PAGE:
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Fear Death? Got Just the Prescription

On Christ, the solid rock, I stand; All other ground is sinking sand.

Christian hymn

August 05, 2000|JIM CARNETT | Jim Carnett is community relations director of Orange Coast College in Costa Mesa

I'm not telling you anything you don't already know: We live in a hostile environment.

Ours is a harsh, arbitrary universe, and life's vagaries leave us stressed and anxious. Six billion of us share both the same planet and destiny: a brief life followed by death. Perhaps Napoleon was able to achieve a measure of immortality through the many monuments erected in his honor, but the last time I checked, his corpse was still decomposing in a Paris tomb.

We shy away from facing life's inevitabilities, but that's a bit like trying not to think of pink elephants. Once we've resolved not to, pink elephants are about all we can think of. Sometimes, in the quiet hours of a restless night, somber reflections of our mortality seep into our consciousness. Thankfully, they retreat at daybreak.

An atheist would say that people of faith practice their religion because they're unable to accept the fact that they live in a heartless universe with no creator behind it. I wouldn't dispute that. Who wants to live a life that's a 100-meter dash with a brick wall for a finish line?

Twenty years ago, when I first became a follower of Jesus Christ, my life was in need of meaning and hope. After investigating a number of different faith traditions, I continued to founder in quicksand. Finally, I was led to Christ and discovered him to be the rock I was searching for.

In the coming four or five decades, most of us now alive will have met our demise. A hundred years hence everyone now living on Earth--save that hardy yak herder who's spent a lifetime eating yogurt and berries--will be gone. Whether we're cut off before our time by accident or illness or are able to live out our full three score and 10, our span evaporates like a morning mist.

I know a young mother, a committed Christian, who last year nearly lost her life to an aggressive form of cancer. Hundreds in our church prayed for her. She is today in remission, and her physicians say her healing borders on miraculous. She believes it was the hand of God but is the first to admit that her healing is only temporary.

Jesus, in the final weeks of his ministry, visited the grave of a good friend, Lazarus, who had been dead for four days. Before a large crowd of mourners and onlookers, he called Lazarus from the tomb. Remarkably, Lazarus, still cloaked in burial cloths, stumbled into the bright sunlight. Though the Bible is silent about the rest of Lazarus' life, I'm certain that he eventually returned to that tomb.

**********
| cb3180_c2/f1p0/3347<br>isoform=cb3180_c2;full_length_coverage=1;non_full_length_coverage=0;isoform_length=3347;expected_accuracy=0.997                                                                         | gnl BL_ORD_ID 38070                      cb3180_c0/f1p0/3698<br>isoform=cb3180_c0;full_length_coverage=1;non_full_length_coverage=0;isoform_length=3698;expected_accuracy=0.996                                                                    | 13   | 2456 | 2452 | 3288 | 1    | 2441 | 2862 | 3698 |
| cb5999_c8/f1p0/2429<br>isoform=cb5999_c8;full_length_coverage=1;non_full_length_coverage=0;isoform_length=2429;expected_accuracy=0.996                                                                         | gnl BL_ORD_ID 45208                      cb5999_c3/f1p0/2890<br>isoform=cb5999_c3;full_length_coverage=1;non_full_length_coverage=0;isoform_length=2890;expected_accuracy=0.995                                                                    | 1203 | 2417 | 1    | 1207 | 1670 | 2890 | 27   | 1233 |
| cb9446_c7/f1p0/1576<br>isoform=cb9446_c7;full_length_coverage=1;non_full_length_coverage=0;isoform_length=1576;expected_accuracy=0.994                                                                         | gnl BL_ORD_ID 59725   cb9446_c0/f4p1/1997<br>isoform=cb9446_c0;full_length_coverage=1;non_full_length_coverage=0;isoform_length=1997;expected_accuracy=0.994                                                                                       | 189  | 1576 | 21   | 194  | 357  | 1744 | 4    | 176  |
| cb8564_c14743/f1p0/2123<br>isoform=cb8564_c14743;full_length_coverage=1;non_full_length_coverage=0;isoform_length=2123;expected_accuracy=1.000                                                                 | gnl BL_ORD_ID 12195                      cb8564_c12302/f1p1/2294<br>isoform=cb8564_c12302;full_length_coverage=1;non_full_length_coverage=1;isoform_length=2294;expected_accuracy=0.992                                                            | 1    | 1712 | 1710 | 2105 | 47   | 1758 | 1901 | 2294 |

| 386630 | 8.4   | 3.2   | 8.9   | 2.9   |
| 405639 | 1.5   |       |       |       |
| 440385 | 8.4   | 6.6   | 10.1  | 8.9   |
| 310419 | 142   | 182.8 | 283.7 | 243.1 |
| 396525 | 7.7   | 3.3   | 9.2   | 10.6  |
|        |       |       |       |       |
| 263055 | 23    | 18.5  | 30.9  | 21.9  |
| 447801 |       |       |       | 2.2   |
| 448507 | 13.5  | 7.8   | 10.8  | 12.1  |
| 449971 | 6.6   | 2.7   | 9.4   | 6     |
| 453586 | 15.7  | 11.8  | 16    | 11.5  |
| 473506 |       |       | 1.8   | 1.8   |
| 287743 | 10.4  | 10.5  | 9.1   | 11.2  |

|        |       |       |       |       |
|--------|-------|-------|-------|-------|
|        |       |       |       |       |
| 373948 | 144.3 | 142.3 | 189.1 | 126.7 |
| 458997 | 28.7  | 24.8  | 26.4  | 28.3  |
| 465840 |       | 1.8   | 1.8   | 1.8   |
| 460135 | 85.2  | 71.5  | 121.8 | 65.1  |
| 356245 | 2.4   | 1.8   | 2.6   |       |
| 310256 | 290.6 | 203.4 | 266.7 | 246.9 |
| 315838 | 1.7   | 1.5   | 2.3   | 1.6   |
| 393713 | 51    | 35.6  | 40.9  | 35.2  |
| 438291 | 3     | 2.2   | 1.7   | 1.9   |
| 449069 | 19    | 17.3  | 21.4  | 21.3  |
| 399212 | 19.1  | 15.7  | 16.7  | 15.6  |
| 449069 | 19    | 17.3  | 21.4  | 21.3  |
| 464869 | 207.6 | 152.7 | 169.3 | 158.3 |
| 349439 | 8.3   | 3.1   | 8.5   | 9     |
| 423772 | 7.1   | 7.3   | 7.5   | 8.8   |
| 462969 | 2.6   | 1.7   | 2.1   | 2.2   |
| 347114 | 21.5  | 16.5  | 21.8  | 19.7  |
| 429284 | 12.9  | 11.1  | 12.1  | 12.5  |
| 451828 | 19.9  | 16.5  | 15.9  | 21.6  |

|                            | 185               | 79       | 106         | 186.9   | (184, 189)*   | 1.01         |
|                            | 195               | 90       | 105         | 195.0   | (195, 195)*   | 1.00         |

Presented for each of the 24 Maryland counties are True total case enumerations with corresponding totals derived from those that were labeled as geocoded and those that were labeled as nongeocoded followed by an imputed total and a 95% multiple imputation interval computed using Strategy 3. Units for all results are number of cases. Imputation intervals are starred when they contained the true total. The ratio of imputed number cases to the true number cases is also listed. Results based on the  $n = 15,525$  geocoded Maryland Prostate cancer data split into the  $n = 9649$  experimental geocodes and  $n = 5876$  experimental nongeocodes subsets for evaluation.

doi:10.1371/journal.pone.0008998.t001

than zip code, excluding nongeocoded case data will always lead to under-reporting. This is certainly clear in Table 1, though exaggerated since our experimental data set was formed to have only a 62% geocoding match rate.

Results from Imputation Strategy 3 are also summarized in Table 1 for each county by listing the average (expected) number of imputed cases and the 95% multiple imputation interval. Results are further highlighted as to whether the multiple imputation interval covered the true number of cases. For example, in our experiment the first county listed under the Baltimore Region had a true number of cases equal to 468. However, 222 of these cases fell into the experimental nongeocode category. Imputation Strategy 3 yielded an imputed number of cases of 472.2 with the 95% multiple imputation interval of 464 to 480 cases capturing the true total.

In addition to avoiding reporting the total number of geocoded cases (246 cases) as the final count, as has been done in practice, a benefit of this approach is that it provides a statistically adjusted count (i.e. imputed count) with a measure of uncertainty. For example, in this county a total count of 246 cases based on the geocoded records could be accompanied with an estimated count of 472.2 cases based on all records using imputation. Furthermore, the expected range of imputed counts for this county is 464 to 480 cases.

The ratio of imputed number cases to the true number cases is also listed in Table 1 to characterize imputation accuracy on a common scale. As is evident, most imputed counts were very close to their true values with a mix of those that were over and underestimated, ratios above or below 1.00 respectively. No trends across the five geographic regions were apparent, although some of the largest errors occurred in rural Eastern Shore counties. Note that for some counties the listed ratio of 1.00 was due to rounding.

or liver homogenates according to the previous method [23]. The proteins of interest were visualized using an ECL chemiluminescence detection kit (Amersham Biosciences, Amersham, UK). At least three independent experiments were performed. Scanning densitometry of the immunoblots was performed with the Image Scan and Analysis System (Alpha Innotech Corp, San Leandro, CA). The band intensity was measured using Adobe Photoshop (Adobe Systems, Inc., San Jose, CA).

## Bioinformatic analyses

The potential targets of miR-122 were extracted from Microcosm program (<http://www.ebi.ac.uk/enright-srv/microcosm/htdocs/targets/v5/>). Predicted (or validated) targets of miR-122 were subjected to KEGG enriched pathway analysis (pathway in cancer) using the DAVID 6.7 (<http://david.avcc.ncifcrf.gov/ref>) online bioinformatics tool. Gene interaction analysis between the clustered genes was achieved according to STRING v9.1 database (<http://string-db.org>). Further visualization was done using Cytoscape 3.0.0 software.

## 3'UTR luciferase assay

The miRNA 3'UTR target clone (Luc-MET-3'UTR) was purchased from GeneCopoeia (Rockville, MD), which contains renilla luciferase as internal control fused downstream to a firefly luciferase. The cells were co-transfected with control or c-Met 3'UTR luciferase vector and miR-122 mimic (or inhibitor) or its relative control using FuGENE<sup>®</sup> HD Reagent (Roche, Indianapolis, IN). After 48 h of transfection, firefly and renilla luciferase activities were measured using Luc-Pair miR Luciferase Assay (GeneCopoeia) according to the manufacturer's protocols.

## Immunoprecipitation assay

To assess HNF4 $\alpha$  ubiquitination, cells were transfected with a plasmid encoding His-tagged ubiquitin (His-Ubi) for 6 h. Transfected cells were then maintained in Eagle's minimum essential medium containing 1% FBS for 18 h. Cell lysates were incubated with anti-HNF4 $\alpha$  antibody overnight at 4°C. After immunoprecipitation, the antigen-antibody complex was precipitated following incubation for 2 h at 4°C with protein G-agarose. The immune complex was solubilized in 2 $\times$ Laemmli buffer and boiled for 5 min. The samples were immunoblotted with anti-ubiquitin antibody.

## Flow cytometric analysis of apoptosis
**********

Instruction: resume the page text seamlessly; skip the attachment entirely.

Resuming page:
I'm only speculating, but when he awakened from his experience, Lazarus may have had a 21st-century-like epiphany. Perhaps he saw with new eyes the value of beginning a jogging regimen, switching to a high-fiber diet and purchasing one of those cheesy abs machines. Perhaps not. But we humans seem willing to try almost anything to extend life. Despite our best efforts, we each face a funeral at our end. Lazarus went back into his tomb, and we'll go to ours.

"My life is no longer than the width of my hand," the psalmist broods. Shakespeare labels humans poor players who strut and fret their hour upon the stage, then are heard no more. The rock group Kansas calls us "dust in the wind." Depressing. But good news abounds in the person of Jesus Christ, the solid rock, who willingly went to a Roman cross 20 centuries ago to overcome death. With that single sacrificial act he broke sin's stranglehold on me and brought meaning to my existence.

A good friend of mine likes to say, "Because of Christ, our last breath on Earth will be immediately followed by our first breath in heaven." I like that. Jesus is the bridge between the temporal and eternal, between death and life.

With Christ, we're able to survive in a world of sinking sand and look forward to an eternity spent with the one who created and loves us. We're guaranteed both life during life and life after death. What a deal.


On Faith is a forum for Orange County clergy and others to offer their views on religious topics of general interest. Submissions, which will be published at the discretion of The Times and are subject to editing, should be delivered to Orange County religion page editor Deanne Brandon.

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